You may also note from the pic below that I spent a bit of time printing out wire labels and affixing them to the wires, both on this harness and on the Nav/Strobe lights harness I made last night.

I then grabbed my wiring harnesses and a handful of unattached wiring labels and headed to the shop.  I ran the wing wires up through the holes from the hell hole side.

Once the wires were through the holes, I then attached labels for the wires running inside the CS Spar.

If you look closely, you can make out the wire channel that I drilled through the angled part of the front lower corner of the CS Spar.

Here’s a Hell Hole shot of the wing lights wiring harnesses from below.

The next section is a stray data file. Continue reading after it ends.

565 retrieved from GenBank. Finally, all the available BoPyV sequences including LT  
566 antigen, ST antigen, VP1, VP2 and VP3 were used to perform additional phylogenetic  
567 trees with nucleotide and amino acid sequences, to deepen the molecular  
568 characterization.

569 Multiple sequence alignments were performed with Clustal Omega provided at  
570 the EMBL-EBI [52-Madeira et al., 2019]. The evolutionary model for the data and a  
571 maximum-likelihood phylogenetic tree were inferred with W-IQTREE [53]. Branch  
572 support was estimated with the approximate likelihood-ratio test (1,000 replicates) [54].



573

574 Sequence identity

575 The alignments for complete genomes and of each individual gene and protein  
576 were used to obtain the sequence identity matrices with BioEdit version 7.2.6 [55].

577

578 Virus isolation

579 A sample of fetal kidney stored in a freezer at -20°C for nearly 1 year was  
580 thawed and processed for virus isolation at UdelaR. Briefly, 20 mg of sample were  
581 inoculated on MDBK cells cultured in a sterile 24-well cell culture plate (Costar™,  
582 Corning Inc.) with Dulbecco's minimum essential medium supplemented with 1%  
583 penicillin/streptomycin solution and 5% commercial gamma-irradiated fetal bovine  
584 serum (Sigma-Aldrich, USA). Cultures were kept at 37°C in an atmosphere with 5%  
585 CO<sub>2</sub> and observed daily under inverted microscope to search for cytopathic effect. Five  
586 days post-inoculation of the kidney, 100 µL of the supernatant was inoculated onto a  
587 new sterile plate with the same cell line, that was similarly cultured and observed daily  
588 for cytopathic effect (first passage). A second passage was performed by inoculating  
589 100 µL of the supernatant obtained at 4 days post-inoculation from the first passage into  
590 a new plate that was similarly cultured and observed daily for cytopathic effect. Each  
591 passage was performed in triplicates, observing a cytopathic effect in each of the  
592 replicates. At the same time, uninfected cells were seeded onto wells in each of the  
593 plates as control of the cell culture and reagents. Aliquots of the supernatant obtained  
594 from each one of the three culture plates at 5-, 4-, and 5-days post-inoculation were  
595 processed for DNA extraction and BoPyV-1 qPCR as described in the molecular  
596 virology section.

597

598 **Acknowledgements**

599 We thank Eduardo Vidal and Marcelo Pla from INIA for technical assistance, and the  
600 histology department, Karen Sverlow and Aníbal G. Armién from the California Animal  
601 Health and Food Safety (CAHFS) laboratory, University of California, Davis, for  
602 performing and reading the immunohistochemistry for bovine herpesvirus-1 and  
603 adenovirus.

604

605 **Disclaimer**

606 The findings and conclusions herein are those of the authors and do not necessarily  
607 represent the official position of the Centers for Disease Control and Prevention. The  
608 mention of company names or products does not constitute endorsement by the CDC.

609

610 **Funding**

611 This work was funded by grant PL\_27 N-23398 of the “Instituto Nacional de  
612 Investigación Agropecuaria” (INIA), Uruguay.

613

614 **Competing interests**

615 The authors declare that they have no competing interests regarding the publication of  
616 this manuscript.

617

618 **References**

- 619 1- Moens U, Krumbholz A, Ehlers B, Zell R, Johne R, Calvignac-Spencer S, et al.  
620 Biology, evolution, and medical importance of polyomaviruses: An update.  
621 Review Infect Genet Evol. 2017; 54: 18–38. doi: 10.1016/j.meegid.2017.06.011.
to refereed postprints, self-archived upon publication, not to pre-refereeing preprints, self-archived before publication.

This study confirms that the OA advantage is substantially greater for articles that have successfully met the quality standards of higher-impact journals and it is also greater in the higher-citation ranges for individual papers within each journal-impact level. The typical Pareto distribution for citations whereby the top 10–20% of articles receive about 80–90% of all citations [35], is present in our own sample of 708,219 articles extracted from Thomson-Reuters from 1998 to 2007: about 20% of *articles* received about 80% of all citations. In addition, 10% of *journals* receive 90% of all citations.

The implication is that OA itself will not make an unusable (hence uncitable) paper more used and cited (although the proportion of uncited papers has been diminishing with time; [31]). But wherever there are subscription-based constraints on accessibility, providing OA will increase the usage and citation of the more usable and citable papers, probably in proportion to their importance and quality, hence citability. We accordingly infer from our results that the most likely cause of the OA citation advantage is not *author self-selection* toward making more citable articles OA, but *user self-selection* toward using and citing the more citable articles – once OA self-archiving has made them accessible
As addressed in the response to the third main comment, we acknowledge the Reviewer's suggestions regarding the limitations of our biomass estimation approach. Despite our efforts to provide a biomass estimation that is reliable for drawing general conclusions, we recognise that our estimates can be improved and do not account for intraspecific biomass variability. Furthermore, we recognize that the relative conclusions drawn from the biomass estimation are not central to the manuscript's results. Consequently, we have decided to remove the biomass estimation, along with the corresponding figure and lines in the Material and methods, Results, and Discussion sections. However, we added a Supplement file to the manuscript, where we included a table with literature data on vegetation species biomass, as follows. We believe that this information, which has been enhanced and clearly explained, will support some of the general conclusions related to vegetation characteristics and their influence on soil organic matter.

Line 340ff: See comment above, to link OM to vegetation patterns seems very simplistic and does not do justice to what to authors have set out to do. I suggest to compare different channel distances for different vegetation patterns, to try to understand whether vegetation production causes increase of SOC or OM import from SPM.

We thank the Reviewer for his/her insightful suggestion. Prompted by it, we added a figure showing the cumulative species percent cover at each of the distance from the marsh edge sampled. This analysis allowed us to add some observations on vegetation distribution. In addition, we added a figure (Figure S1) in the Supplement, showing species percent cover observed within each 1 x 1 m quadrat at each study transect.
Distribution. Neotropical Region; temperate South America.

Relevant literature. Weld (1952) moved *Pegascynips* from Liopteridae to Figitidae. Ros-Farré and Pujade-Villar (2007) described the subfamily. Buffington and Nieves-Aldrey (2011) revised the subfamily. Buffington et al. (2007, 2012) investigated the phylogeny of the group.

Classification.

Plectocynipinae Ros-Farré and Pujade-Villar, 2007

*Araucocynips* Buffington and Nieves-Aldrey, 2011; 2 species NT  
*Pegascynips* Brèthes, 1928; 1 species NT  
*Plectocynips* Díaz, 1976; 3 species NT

And a taller shot of the wing lights wiring harnesses.  The coiled up wires in the lower right of the pic will head forward to the respective light switches on the panel.

Admittedly, I have a fair bit of slack for the wires exiting out the ends of the CS Spar, especially on the right side.  But better to have a little excess than not enough, eh?

With the wing wiring harnesses in place in the hell hole/CS Spar, then came the questions regarding routing and securing.  I wanted to ensure the wires were routed in an optimized fashion, to include accounting for the aileron control tube that transits through the Hell Hole.